In 2013, for the first time the Government introduced a fee structure for Employment Tribunal claims. This was as much as £1,200 to bring even the simplest of unfair dismissal claims, and led to a reduction of 70% in claims and protracted legal action by employee organisations such as trade union Unison.
Unison’s appeal to the Supreme Court led to a recent ban on fees and a commitment to refund all fees paid since 2013, giving the Government a sizeable bill (approx. £30m).
Why Employers Should Read up on the Employment Tribunal Claim Process Now
It is also expected that anyone who might have been deterred from bringing claims since the fee structure was introduced will now be able to make a claim and that claim, although well out of time (cases must generally be brought within three months) may be looked on sympathetically by a Tribunal.
So, a double whammy for employers – an expected increase in new claims and a potential backlog of old claims.
With the above in mind, it is vital employers know the steps they need to take to deal with new claims.
What do I do if I Receive a Tribunal Claim?
For those who are clients of Moorepay, contact us immediately.
Timescales for Employers to be Aware of with Employment Tribunal Claims
Generally speaking an employee has three months to make a claim. That runs from the date of dismissal, or the date of the event upon which the employee relies.
Here are some examples:
An employee dismissed on 1/1/17 has until 31/3/17 to make the claim. This date can be altered slightly if, for example, the employee did not receive the dismissal letter until a few days after it was posted. The key date is when they received the letter.
An employee who makes a discrimination complaint and relies on a specific act of discrimination has three months from the date of the act to make the claim (and not for example three months from the date of any dismissal)
An employee who complains they have not received proper payment of wages has three months from the date of the respective wage payment to make the claim (unless the complaint is part of a series of non-payments, in which case the three months runs from the last of these)
Whilst the employee has a relatively generous three months to make a claim, an employer has only 28 days to respond to it.
It is vital therefore to ensure that you respond to a claim promptly. The 28 day period runs from the date of the Notice of Claim (and not from the date of receipt), so a few days are already lost.
The claim form will set out clearly the date by which a response must be submitted.
The key here is never to leave this until the last minute, if that can be avoided.
What happens if I Miss the Timescale on an Employment Tribunal Claim?
Occasionally things can go wrong. Sometimes claims are incorrectly addressed and never received by an employer, or are received late.
If this happens, get legal advice immediately, so that an application for extension of time can be made.
Although time limits are strictly adhered to, a Tribunal will agree to extend time if there are good reasons for delay.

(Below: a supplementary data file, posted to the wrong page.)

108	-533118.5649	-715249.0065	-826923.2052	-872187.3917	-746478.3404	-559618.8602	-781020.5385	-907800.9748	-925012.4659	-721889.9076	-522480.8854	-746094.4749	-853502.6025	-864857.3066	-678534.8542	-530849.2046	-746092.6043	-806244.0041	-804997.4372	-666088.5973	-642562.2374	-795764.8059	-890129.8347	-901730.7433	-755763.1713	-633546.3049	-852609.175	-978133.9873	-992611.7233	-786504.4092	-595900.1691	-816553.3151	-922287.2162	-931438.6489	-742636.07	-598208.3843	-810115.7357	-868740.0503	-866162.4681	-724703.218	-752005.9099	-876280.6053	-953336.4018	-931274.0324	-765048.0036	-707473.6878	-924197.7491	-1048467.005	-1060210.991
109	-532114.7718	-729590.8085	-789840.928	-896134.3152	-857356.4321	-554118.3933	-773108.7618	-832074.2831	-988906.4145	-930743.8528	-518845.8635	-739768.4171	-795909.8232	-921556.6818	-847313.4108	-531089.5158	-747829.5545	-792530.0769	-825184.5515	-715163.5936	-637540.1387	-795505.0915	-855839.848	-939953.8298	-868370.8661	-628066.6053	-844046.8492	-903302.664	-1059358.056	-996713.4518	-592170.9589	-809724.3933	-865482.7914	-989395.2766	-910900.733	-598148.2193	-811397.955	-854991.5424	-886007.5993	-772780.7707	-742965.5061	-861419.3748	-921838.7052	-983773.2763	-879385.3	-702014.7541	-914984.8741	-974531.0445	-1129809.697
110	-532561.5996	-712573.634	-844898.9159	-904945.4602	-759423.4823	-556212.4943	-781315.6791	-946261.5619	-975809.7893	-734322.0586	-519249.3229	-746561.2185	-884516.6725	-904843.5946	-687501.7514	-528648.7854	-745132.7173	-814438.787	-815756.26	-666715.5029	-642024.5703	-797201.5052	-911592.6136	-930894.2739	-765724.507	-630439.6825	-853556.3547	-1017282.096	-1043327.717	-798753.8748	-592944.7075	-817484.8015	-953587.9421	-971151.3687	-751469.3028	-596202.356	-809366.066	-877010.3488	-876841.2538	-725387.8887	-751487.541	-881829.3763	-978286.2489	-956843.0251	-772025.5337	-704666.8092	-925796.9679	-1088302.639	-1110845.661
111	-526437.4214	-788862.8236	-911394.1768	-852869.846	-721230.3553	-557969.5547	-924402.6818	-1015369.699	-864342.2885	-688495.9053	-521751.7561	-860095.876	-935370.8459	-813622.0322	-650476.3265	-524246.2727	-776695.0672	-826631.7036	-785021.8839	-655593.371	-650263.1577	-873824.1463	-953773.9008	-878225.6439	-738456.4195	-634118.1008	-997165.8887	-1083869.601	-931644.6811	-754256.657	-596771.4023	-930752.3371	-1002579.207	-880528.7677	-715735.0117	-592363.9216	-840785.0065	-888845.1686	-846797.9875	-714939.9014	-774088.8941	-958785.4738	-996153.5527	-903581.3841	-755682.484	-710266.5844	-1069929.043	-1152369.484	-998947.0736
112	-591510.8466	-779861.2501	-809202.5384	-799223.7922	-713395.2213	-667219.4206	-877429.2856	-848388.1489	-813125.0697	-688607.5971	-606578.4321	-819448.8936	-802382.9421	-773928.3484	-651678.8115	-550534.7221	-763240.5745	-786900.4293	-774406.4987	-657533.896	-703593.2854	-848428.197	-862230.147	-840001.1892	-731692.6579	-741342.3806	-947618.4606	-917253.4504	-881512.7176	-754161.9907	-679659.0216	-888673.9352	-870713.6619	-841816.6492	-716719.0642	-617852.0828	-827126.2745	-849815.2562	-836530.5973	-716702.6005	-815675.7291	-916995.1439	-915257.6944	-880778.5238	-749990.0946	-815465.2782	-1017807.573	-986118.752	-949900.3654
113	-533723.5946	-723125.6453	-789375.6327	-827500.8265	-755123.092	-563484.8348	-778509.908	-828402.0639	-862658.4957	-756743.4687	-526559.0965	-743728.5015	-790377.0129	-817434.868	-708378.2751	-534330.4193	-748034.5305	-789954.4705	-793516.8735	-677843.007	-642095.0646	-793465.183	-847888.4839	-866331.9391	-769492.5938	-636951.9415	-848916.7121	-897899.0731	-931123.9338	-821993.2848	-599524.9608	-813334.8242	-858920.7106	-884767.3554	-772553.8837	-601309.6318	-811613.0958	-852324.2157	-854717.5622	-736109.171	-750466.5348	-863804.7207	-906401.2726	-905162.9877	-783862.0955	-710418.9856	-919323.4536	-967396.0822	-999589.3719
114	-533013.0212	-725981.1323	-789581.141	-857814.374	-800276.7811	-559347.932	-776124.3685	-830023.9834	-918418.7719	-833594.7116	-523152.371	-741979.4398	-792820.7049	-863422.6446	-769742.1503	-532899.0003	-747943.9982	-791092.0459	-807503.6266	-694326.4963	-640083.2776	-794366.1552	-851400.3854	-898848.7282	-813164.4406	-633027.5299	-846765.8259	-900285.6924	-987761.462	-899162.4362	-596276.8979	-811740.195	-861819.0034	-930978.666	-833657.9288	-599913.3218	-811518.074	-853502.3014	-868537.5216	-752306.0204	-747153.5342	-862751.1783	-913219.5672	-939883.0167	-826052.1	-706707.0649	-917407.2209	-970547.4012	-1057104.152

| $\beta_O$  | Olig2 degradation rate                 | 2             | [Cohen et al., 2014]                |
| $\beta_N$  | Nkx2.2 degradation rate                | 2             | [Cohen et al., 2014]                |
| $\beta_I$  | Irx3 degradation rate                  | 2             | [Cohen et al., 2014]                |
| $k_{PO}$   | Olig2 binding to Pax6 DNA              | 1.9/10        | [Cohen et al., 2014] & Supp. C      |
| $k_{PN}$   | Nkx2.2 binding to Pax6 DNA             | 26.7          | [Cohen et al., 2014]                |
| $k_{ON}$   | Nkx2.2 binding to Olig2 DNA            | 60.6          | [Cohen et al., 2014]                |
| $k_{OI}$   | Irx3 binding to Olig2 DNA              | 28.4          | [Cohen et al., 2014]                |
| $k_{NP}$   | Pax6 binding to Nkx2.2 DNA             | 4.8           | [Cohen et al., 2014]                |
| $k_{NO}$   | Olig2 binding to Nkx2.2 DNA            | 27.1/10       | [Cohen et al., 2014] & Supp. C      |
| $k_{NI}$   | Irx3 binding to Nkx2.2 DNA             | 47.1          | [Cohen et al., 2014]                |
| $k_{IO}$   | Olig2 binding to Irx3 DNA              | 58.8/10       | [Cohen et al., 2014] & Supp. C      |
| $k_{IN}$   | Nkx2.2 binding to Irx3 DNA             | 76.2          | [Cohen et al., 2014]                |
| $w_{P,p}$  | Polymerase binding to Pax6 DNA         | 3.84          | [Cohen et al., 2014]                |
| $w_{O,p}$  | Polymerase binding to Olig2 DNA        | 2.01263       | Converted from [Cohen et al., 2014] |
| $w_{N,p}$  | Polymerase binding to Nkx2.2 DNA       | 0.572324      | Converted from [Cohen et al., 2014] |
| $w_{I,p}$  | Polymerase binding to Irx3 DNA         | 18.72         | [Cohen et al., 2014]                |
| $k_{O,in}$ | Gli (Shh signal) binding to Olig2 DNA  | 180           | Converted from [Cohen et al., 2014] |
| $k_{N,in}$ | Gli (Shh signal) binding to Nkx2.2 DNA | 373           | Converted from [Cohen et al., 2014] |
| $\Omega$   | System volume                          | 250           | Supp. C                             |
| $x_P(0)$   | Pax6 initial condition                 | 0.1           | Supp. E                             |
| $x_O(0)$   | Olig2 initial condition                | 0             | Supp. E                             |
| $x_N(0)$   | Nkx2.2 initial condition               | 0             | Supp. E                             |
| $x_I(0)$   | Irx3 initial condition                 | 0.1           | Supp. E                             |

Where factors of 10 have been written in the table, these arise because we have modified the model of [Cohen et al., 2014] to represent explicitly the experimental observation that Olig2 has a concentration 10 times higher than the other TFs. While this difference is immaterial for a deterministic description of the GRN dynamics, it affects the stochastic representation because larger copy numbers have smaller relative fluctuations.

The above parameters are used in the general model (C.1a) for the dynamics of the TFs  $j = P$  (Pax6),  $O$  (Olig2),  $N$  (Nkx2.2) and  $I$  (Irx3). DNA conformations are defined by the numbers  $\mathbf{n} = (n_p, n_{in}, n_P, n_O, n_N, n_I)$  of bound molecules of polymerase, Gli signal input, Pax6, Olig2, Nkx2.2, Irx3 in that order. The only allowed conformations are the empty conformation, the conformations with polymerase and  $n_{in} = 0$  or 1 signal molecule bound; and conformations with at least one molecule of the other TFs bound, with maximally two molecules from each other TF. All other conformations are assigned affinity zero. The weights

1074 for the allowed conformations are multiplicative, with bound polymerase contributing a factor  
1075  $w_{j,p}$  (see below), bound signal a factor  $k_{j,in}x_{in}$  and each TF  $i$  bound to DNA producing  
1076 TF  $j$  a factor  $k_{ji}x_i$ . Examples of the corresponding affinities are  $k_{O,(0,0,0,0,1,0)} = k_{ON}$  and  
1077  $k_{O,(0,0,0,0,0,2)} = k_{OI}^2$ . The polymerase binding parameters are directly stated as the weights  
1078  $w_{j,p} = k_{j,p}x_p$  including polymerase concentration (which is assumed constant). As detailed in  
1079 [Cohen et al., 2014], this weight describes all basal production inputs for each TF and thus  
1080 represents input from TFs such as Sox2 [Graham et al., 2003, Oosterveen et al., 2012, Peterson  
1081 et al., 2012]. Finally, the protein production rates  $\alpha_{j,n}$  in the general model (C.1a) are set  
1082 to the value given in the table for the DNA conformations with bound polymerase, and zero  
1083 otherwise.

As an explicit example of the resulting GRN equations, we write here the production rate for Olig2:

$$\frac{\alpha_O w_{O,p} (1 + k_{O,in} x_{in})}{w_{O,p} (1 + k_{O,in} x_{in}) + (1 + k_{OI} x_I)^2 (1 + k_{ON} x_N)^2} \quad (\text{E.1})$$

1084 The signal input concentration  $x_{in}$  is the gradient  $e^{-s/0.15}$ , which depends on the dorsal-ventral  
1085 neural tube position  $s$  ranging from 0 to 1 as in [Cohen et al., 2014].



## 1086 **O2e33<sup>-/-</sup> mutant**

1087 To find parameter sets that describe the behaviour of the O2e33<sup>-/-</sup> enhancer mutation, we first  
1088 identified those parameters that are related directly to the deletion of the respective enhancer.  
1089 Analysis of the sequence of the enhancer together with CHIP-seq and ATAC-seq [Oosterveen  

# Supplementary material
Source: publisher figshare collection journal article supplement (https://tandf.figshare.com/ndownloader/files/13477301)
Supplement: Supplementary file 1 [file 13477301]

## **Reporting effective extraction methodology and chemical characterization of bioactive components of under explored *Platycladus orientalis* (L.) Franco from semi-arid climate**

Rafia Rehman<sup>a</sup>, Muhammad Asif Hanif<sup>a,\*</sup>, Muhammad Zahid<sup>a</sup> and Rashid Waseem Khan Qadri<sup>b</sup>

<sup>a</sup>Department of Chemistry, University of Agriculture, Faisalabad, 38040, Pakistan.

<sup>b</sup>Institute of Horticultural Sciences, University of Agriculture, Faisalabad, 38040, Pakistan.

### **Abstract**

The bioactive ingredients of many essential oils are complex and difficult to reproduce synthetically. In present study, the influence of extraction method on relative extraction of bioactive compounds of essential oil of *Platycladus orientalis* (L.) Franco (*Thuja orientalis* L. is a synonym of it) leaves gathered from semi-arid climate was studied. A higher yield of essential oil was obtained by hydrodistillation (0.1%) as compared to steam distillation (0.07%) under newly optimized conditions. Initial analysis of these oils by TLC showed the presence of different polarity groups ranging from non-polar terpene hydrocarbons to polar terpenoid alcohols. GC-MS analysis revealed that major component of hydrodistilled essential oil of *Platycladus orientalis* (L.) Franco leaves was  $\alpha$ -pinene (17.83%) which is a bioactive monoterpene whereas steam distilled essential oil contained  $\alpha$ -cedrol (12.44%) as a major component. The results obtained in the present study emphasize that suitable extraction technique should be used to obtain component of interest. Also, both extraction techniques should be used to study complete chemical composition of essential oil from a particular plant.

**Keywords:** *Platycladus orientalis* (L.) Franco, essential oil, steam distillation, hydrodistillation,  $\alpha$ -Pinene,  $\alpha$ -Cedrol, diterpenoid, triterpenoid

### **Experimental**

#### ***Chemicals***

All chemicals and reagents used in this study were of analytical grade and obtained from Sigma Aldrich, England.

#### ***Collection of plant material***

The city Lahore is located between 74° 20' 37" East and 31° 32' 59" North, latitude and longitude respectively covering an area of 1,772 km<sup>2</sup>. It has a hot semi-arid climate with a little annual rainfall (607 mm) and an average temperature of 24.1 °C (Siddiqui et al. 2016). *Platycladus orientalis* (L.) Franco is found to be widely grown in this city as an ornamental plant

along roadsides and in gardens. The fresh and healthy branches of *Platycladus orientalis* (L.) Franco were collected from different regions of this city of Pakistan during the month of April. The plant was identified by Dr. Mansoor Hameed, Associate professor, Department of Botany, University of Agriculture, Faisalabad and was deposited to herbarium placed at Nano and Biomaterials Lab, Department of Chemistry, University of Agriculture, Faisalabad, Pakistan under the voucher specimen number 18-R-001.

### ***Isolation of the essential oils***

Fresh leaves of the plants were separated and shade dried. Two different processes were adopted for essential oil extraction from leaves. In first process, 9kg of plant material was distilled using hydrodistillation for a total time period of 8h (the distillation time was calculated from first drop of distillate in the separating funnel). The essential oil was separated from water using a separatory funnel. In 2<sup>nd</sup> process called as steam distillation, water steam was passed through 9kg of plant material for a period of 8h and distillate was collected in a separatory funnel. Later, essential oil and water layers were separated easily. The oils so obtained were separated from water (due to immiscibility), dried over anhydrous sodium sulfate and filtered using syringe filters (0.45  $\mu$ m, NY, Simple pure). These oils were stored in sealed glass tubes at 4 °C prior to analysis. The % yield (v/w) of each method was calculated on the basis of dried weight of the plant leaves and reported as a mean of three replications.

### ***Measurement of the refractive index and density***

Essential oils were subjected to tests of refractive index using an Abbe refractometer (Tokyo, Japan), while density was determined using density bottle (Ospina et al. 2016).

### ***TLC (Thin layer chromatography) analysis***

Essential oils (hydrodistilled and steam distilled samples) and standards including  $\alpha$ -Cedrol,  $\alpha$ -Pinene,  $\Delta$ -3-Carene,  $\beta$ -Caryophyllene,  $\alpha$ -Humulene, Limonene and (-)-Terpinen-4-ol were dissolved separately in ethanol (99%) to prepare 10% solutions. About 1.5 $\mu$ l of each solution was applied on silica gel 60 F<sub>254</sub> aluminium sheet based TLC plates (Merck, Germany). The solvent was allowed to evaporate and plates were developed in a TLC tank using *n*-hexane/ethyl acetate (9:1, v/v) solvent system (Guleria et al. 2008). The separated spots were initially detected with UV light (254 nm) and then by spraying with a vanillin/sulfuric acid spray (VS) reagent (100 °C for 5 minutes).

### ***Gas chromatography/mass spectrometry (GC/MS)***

All of that said, employers are strongly advised to deal with any new claim as a matter of strict priority. The consequences of a late response could mean the employer is debarred from defending the claim and could face a potential award of several hundred thousand pounds!
What Happens after the Response is Submitted?
The parties to the claim are required to:
Disclose relevant documents to the other side (anything which is relevant to the case, whether it helps the employer’s case or hinders it).
Prepare a Bundle of documents for use when the case comes to hearing (this task generally falls on the employer)
Prepare detailed witness statements for any witness whom the parties intend to call to give evidence
Exchange witness statements with the other party (or parties – sometimes there can be multiple Claimants in a case, for example a wage claim, or multiple respondents, for example in a TUPE case, where there is more than one potential employer)
Agree a list of issues which the Tribunal is required to decide on
Attend any preliminary hearings to decide on legal issues, such as the right to bring the claim or to determine the future conduct of the case
Prepare legal submissions (legal arguments)
All of the above, generally speaking, come with specific deadlines set by the Tribunal (Scotland and Ireland have their own systems which do not correspond exactly with the above).
As you can see it is a complex process, and it is wise to obtain legal advice and representation should you be faced with a claim as it can soon take up a significant amount of an employer’s time.
Notice of Civil Claim – an Employment-Related Claim Pursued Through Civil Courts
Occasionally (albeit rarely) an employee will decide to pursue an employment-related claim in the Civil Courts.
An employment-related claim through this means can sometimes be more attractive.
For example, whereas a Breach of Contract claim in the Employment Tribunal carries a maximum aware of £25,000, there is no such limit in a Civil Claim.
In addition, the time limits for submitted a Civil Claim are far more generous, making this route more attractive.
This article does not deal with the steps to be taken with a Civil Claim – again clients of Moorepay should contact us immediately.
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Tom has represented clients across the UK, both at Employment Tribunal and in the Employment Appeal Tribunal. With a strong background in HR at senior level, Tom is adept at explaining the legal framework to clients in a practical way.